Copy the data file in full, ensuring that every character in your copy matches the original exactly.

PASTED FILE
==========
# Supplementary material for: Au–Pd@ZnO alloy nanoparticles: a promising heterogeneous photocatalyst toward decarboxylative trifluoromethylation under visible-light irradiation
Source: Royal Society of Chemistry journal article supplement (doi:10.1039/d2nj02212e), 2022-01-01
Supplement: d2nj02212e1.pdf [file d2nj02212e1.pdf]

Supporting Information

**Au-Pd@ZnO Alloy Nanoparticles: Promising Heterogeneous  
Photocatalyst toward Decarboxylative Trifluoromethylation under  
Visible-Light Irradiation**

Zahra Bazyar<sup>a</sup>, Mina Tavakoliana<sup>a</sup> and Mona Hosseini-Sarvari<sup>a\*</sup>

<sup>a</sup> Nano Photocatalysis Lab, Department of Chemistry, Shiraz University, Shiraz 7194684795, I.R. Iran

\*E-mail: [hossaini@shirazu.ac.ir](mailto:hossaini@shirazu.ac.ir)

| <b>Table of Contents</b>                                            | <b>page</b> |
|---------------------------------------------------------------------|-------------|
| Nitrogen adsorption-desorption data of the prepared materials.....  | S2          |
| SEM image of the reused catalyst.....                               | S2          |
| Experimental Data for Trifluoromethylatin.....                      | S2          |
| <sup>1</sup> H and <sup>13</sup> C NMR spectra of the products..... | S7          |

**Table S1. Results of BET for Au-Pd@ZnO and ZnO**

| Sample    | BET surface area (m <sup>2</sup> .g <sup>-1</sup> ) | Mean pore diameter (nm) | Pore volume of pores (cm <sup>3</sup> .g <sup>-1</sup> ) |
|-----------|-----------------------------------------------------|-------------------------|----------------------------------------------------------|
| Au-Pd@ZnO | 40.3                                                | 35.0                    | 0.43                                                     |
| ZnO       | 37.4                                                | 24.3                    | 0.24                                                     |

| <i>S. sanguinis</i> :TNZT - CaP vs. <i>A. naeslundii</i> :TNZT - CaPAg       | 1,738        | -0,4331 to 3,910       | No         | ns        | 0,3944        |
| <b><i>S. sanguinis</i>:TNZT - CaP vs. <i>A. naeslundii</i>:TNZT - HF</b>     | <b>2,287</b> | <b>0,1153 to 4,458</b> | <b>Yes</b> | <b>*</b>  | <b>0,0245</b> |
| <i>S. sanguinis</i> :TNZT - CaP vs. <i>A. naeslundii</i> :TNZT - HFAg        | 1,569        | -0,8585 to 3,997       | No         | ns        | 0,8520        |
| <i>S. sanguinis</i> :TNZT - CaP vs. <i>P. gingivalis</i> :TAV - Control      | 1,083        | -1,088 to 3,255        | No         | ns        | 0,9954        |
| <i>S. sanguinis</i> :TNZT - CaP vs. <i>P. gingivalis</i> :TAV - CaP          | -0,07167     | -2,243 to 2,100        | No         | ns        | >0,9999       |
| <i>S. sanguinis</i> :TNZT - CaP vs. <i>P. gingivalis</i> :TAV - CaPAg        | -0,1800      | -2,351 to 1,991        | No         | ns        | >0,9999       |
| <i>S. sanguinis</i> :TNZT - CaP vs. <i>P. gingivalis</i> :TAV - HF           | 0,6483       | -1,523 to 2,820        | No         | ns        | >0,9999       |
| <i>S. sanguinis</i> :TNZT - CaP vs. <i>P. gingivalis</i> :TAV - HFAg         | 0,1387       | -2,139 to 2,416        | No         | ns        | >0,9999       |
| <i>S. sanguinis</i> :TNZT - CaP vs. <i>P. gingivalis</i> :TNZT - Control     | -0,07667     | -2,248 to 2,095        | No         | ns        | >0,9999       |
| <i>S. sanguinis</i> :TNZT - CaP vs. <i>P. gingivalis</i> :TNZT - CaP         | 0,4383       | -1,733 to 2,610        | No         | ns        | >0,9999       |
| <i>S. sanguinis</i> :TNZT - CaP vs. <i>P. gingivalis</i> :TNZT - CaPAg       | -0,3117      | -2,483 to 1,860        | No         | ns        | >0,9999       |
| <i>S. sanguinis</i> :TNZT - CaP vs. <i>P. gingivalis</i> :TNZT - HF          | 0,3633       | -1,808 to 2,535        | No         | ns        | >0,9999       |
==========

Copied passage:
# Supplementary material for: Au–Pd@ZnO alloy nanoparticles: a promising heterogeneous photocatalyst toward decarboxylative trifluoromethylation under visible-light irradiation
Source: Royal Society of Chemistry journal article supplement (doi:10.1039/d2nj02212e), 2022-01-01
Supplement: d2nj02212e1.pdf [file d2nj02212e1.pdf]

Supporting Information

**Au-Pd@ZnO Alloy Nanoparticles: Promising Heterogeneous  
Photocatalyst toward Decarboxylative Trifluoromethylation under  
Visible-Light Irradiation**

Zahra Bazyar<sup>a</sup>, Mina Tavakoliana<sup>a</sup> and Mona Hosseini-Sarvari<sup>a\*</sup>

<sup>a</sup> Nano Photocatalysis Lab, Department of Chemistry, Shiraz University, Shiraz 7194684795, I.R. Iran

\*E-mail: [hossaini@shirazu.ac.ir](mailto:hossaini@shirazu.ac.ir)

| <b>Table of Contents</b>                                            | <b>page</b> |
|---------------------------------------------------------------------|-------------|
| Nitrogen adsorption-desorption data of the prepared materials.....  | S2          |
| SEM image of the reused catalyst.....                               | S2          |
| Experimental Data for Trifluoromethylatin.....                      | S2          |
| <sup>1</sup> H and <sup>13</sup> C NMR spectra of the products..... | S7          |

**Table S1. Results of BET for Au-Pd@ZnO and ZnO**

| Sample    | BET surface area (m <sup>2</sup> .g <sup>-1</sup> ) | Mean pore diameter (nm) | Pore volume of pores (cm <sup>3</sup> .g <sup>-1</sup> ) |
|-----------|-----------------------------------------------------|-------------------------|----------------------------------------------------------|
| Au-Pd@ZnO | 40.3                                                | 35.0                    | 0.43                                                     |
| ZnO       | 37.4                                                | 24.3                    | 0.24                                                     |

| <i>S. sanguinis</i> :TNZT - CaP vs. <i>A. naeslundii</i> :TNZT - CaPAg       | 1,738        | -0,4331 to 3,910       | No         | ns        | 0,3944        |
| <b><i>S. sanguinis</i>:TNZT - CaP vs. <i>A. naeslundii</i>:TNZT - HF</b>     | <b>2,287</b> | <b>0,1153 to 4,458</b> | <b>Yes</b> | <b>*</b>  | <b>0,0245</b> |
| <i>S. sanguinis</i> :TNZT - CaP vs. <i>A. naeslundii</i> :TNZT - HFAg        | 1,569        | -0,8585 to 3,997       | No         | ns        | 0,8520        |
| <i>S. sanguinis</i> :TNZT - CaP vs. <i>P. gingivalis</i> :TAV - Control      | 1,083        | -1,088 to 3,255        | No         | ns        | 0,9954        |
| <i>S. sanguinis</i> :TNZT - CaP vs. <i>P. gingivalis</i> :TAV - CaP          | -0,07167     | -2,243 to 2,100        | No         | ns        | >0,9999       |
| <i>S. sanguinis</i> :TNZT - CaP vs. <i>P. gingivalis</i> :TAV - CaPAg        | -0,1800      | -2,351 to 1,991        | No         | ns        | >0,9999       |
| <i>S. sanguinis</i> :TNZT - CaP vs. <i>P. gingivalis</i> :TAV - HF           | 0,6483       | -1,523 to 2,820        | No         | ns        | >0,9999       |
| <i>S. sanguinis</i> :TNZT - CaP vs. <i>P. gingivalis</i> :TAV - HFAg         | 0,1387       | -2,139 to 2,416        | No         | ns        | >0,9999       |
| <i>S. sanguinis</i> :TNZT - CaP vs. <i>P. gingivalis</i> :TNZT - Control     | -0,07667     | -2,248 to 2,095        | No         | ns        | >0,9999       |
| <i>S. sanguinis</i> :TNZT - CaP vs. <i>P. gingivalis</i> :TNZT - CaP         | 0,4383       | -1,733 to 2,610        | No         | ns        | >0,9999       |
| <i>S. sanguinis</i> :TNZT - CaP vs. <i>P. gingivalis</i> :TNZT - CaPAg       | -0,3117      | -2,483 to 1,860        | No         | ns        | >0,9999       |
| <i>S. sanguinis</i> :TNZT - CaP vs. <i>P. gingivalis</i> :TNZT - HF          | 0,3633       | -1,808 to 2,535        | No         | ns        | >0,9999       |